IT’S Theresa May’s Chequers Plan or no deal, David Lidington, her effective deputy, has told French business leaders in a blunt message.

And his Cabinet colleague Dominic Raab, the Brexit Secretary, told a House of Lords committee that the passage of the EU Withdrawal Bill through Westminster showed that Britain not only had a Unionist government but also had a “Unionist parliament”.

Speaking in Paris at the Mouvement des Entreprises de France conference, Mr Lidington said: “With exactly seven months until the end of Article 50 process and less than two months ahead of the October European Council, we face the choice between the pragmatic proposals we are discussing now with the European Commission or no deal.”

The Cabinet Office Minister explained that the suggested alternative models did “not meet the level of ambition or the outcome we all want to see delivered”.

"So,” Mr Lidington urged, “we need the EU to engage with us on our positive vision of the future relationship."

He then warned: “I truly feel that we are at a fork in the road. There are trends on both sides of the Channel, both sides of the North Sea, and both sides of the Atlantic that could see us drift apart.”

But the Cabinet minister also sought to allay fears within the EU27 that Britain’s desire to have a close relationship on goods but a looser one on services would reduce red tape for British businesses, enabling them to undercut their continental competitors, and give them a £6 billion Brexit dividend.

“Our proposals would ensure a level playing field,” declared Mr Lidington, “with commitments on areas like state aid, environmental, social and employment protections and other regulatory standards.”

He added: “We understand that the EU is concerned that we could lower our standards to gain a competitive advantage but these concerns are completely unfounded. Like France, we view economic growth, consumer and worker protection and sustainable development as going together hand in hand, not as trade-offs.”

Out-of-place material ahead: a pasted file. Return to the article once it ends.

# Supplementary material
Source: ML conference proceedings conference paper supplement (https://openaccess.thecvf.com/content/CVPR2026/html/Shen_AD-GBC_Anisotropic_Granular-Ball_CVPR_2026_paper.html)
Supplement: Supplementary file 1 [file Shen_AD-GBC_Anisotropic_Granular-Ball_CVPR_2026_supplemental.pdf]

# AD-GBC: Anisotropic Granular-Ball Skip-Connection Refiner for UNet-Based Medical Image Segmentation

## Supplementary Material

At Westminster during a one-off session of the Lords EU Committee during the summer recess, Mr Raab again insisted he was confident that a deal was “within our sights”.

He told peers: “We're bringing ambition, pragmatism, energy and if, and I expect it will be, and if it is matched, we get a deal."

The Brexit Secretary also confirmed that the deadline for a deal, once put at the October 18/19 European Council, could “creep beyond that,” and slip into November.

On the Northern Irish border, he suggested there was still no agreed solution but stressed how Michel Barnier, the EU’s chief negotiator, had confirmed he was open to new solutions on the backstop.

"He has acknowledged the position could be amended or improved. What I can say is we're both committed to a solution and there is a lot of interesting, innovative technical work to make sure we resolve it," explained the Secretary of State.

He made clear nothing had been ruled out on the Northern Irish border.

"We're not going to see a customs border drawn down the Irish Sea. We're not going to do anything which would imperil the Belfast Agreement. We want to make sure, in a positive sense, that the solution works for the communities on both sides," declared Mr Raab.

He insisted the UK had a “Unionist Parliament,” as indicated in the latest Westminster votes on the EU Withdrawal Bill.

"For all the din you get around parliamentary votes, actually it was quite a good opportunity to reinforce the fact that we don't just have a Conservative and Unionist government but we also have a Unionist Parliament.

"Because some of those amendments - in fact all the amendments - that would have risked the concern that we have around a customs border on the Irish Sea, Parliament clearly supported the Government's position. So we have a Unionist parliament as well as a Unionist government," Mr Raab added.